Using Business to Expand the Conversation on DEI

February 29, 2024

By Sissie Liang and Grace Varghese

The National Diversity Case Competition hosted annually by Kelley School of Business at Indiana University in Bloomington, Indiana, has had a common theme throughout the 13 years that it’s been held: addressing issues that historically underrepresented groups face, which is something businesses also have an interest in. 

This year’s main sponsoring company, AbbVie Inc., focused on the issue of underrepresentation in clinical trials, which has a severe domino effect that often causes disparate impacts among marginalized populations. Placing as a runner-up in the competition, this is our story of how we got there.

Our team had originally been shocked at this topic, as none of us had any idea how the clinical trial process even worked, let alone experience within the industry. After a brief wave of panic, we all realized that, in one way or another, we had personal experiences with the negative impacts of underrepresentation in clinical trials. Whether it be a father who held distrust of the medical community or a mentor who was working with clinical trial data directly, there was a clear turning point when we realized how close this issue was to us. Soon, this case went from being just a competition to reflecting an issue all of us were passionate about solving.

After many hours of our winter break dedicated to researching, planning, editing, and revising our project, we were finally able to create a tangible product to communicate our ideas. Our advisor set up times for us to have our presentation and content reviewed by Lauren Clarkson, academic success director; Greta Adornetto, director of student life; Tulsa Fearing, Academic Success Center program officer, and Stephanie Pawlik, student affairs program manager, all of whom were able to give us invaluable feedback so that we could fine-tune our presentation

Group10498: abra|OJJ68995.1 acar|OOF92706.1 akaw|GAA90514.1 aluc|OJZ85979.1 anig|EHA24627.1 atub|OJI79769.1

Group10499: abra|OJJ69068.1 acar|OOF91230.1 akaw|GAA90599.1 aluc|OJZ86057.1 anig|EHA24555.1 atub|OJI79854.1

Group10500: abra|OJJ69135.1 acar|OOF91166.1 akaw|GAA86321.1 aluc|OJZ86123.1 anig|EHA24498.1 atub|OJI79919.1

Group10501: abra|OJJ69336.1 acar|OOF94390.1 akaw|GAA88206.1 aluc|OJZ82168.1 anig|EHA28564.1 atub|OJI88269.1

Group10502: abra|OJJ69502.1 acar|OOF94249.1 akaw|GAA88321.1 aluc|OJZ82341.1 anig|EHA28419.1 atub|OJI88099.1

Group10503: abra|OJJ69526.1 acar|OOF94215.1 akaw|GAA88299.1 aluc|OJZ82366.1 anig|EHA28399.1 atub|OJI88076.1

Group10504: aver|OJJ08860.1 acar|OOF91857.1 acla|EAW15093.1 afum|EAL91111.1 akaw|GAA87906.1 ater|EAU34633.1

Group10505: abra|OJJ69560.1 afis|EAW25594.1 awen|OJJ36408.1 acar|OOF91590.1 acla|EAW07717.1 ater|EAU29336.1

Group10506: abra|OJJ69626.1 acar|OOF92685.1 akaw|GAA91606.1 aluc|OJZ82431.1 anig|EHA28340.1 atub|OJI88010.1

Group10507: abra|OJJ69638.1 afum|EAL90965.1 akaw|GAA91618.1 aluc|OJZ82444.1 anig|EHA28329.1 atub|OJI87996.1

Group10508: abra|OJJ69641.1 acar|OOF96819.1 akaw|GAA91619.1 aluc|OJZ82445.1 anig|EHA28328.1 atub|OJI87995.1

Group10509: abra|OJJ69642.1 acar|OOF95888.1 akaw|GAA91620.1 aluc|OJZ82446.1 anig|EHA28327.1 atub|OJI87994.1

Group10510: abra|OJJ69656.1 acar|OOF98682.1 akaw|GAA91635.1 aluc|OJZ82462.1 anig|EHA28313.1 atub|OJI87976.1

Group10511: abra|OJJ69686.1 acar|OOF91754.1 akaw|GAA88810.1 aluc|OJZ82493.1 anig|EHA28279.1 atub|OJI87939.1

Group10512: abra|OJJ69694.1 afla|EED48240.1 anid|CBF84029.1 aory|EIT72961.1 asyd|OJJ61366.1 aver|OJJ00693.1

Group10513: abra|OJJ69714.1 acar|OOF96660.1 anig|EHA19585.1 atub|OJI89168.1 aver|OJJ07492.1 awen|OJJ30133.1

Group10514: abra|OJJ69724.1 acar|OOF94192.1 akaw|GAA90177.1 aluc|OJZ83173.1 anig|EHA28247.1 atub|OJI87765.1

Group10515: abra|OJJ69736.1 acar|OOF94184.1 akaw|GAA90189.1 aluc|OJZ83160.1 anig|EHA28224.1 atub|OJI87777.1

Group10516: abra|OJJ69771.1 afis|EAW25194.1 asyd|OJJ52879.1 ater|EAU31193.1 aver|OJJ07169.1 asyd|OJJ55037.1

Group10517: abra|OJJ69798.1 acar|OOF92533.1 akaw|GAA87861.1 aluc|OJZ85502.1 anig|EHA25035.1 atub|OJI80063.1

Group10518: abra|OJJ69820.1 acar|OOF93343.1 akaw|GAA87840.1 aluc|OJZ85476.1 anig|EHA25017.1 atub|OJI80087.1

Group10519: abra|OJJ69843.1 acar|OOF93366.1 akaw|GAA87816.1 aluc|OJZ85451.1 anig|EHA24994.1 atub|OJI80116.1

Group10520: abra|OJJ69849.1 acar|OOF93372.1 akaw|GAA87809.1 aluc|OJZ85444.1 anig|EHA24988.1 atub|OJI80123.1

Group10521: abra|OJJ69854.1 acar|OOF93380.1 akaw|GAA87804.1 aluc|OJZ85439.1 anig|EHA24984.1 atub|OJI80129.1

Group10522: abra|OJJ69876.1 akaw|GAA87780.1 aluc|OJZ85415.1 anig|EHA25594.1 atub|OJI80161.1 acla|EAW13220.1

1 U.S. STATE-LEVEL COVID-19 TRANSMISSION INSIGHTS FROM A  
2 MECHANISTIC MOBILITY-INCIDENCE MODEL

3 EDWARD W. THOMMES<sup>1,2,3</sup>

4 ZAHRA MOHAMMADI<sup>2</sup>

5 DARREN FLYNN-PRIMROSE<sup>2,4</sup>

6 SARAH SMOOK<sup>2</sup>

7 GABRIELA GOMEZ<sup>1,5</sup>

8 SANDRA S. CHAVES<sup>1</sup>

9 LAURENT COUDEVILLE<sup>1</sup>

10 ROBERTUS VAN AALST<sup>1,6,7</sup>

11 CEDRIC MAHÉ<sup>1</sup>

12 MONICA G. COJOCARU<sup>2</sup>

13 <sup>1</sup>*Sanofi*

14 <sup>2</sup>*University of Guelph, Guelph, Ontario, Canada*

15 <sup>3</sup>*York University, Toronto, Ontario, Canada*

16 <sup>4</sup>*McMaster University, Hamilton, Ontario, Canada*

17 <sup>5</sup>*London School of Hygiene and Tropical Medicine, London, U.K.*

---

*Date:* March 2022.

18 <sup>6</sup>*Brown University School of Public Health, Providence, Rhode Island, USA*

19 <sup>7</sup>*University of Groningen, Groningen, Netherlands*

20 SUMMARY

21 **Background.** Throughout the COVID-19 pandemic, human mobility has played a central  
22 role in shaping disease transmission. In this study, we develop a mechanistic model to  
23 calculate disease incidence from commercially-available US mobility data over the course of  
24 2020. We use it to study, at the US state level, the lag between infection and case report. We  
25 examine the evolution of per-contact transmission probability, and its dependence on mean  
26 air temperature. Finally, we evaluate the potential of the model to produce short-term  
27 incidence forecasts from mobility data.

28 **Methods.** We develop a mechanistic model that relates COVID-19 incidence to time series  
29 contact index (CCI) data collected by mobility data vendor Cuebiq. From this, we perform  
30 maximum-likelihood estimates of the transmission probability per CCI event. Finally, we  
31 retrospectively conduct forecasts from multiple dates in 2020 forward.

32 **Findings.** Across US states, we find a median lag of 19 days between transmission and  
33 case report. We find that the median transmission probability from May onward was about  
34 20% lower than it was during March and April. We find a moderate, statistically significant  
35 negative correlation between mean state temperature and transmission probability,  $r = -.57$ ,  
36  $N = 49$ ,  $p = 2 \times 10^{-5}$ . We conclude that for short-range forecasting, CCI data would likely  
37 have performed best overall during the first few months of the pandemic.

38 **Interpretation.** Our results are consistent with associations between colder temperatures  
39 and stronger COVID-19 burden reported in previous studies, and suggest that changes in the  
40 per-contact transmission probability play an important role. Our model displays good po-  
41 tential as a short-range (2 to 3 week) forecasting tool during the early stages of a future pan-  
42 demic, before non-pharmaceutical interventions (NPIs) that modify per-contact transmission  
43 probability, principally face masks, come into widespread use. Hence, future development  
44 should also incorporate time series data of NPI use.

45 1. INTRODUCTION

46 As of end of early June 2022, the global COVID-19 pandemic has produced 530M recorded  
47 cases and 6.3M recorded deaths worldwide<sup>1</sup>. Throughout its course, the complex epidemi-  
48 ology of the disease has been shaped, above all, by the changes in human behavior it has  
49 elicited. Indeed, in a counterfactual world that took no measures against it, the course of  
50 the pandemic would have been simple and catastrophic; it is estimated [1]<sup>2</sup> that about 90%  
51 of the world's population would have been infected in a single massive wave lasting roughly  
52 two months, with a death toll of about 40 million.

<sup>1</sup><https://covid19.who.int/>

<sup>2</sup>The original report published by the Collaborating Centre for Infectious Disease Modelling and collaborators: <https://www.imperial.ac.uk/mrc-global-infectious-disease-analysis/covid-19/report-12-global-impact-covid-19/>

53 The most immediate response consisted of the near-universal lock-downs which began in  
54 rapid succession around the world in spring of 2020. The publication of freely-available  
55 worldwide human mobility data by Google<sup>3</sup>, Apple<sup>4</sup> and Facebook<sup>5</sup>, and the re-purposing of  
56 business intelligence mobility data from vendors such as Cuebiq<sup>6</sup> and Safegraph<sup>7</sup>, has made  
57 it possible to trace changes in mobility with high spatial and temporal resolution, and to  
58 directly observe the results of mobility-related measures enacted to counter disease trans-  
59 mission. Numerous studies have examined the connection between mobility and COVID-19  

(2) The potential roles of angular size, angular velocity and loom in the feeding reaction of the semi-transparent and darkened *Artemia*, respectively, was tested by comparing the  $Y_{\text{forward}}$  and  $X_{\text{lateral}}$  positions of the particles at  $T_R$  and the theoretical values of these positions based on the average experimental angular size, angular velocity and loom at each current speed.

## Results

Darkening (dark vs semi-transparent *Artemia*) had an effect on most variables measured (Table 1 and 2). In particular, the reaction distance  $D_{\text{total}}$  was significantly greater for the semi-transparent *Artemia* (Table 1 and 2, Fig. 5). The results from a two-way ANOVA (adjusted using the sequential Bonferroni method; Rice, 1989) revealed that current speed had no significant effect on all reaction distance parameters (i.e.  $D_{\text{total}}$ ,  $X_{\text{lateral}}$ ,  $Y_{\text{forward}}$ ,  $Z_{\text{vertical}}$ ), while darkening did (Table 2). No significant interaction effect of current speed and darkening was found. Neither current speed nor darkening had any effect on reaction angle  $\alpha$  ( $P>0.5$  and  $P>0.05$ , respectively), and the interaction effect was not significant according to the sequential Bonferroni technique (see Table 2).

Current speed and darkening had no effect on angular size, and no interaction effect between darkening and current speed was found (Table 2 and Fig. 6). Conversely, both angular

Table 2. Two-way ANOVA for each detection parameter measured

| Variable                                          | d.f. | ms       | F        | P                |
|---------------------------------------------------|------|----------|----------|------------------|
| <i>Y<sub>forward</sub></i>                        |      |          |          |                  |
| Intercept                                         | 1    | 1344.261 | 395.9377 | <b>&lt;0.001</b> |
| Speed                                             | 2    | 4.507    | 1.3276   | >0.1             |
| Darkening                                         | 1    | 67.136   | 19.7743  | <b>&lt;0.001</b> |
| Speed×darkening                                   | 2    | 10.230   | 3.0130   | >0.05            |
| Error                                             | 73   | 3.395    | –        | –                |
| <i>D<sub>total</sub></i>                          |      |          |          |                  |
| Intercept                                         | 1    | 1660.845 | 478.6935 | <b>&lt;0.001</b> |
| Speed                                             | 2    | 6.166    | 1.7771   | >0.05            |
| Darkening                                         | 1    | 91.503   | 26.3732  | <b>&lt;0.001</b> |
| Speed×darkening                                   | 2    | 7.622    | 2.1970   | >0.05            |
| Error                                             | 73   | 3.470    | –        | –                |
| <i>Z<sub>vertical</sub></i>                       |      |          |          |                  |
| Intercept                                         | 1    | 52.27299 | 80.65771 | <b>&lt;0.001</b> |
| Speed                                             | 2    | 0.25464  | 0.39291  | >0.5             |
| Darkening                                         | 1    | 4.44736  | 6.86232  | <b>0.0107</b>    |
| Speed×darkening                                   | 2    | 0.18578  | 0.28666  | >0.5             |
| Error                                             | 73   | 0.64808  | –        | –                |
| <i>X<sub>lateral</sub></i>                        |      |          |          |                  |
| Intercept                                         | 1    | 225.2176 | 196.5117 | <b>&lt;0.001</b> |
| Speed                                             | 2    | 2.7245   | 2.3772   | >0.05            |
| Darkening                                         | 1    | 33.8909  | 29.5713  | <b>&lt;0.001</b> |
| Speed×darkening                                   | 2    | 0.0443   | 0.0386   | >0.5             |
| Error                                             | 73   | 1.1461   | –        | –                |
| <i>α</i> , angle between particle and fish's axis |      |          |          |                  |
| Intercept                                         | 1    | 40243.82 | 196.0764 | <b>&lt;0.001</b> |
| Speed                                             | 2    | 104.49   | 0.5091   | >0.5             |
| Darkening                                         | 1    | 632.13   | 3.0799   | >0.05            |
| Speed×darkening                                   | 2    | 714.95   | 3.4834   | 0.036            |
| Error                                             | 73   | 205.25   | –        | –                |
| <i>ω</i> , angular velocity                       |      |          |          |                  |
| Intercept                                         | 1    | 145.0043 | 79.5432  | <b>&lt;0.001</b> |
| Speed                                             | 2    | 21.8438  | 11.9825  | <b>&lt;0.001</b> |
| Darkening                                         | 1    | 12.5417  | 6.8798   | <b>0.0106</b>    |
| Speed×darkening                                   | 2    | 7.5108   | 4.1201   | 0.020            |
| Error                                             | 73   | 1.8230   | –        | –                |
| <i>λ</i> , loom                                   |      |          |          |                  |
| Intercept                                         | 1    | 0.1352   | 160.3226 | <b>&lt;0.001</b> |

Our team focused on two main barriers that we needed to overcome to improve opportunities for underrepresented groups: accessibility and a lack of knowledge. Using a character named Maria, who hypothetically would face both these challenges, we shared our presentation through her lens and experiences as a non-English speaking senior living in San Francisco, California. Our solution in the competition included not only a plan of how we were going to obtain new voices through educational programs in local communities but also a plan of how we were going to retain these voices through increasing accessibility with mobile clinical trials, which would significantly reduce the labor needed for an underrepresented participant.

This solution highlighted how our perspective on the outreach of DEI programs changed, as we’ve learned that simply opening the doors to participation is not enough. Rather, we need to invest and put strong efforts into outreach to make it as easy and accessible for marginalized communities to participate. In order to change the future, businesses have an obligation to create opportunities that significantly reduce barriers to participation.

As people of color from such communities, there has often been a sense that we need to adapt to the status quo and change fundamental parts of our identities to fit into society. Interacting with other marginalized students and communicating with schools all over the nation, we’ve come to understand that we need to fight for environments that embrace differences rather than continuing to assimilate.

The Ross School of Business has consistently challenged us to envision a more equitable society from a business perspective and has taught us how we can continue to be the change we wish to see. From creating programs that promote equity, such as the ASC program, to hosting speakers like Trey Boynton, Ross has transformed our perspectives on the importance of DEI in our conversations.

This case competition taught all of us how we can broaden this conversation by learning how to obtain research and data on how to create personalized programs to increase diversity in perspectives. For many companies/programs, the DEI initiative is just a monthly cultural showcase. The case competition made us realize that a successful DEI initiative will go out of its way to lower the barriers to access. It goes beyond just initially obtaining the diverse perspectives but it puts the same effort in retaining those perspectives by investing in a safe environment for those voices to thrive.


Click here to read this article on the Michigan Ross website.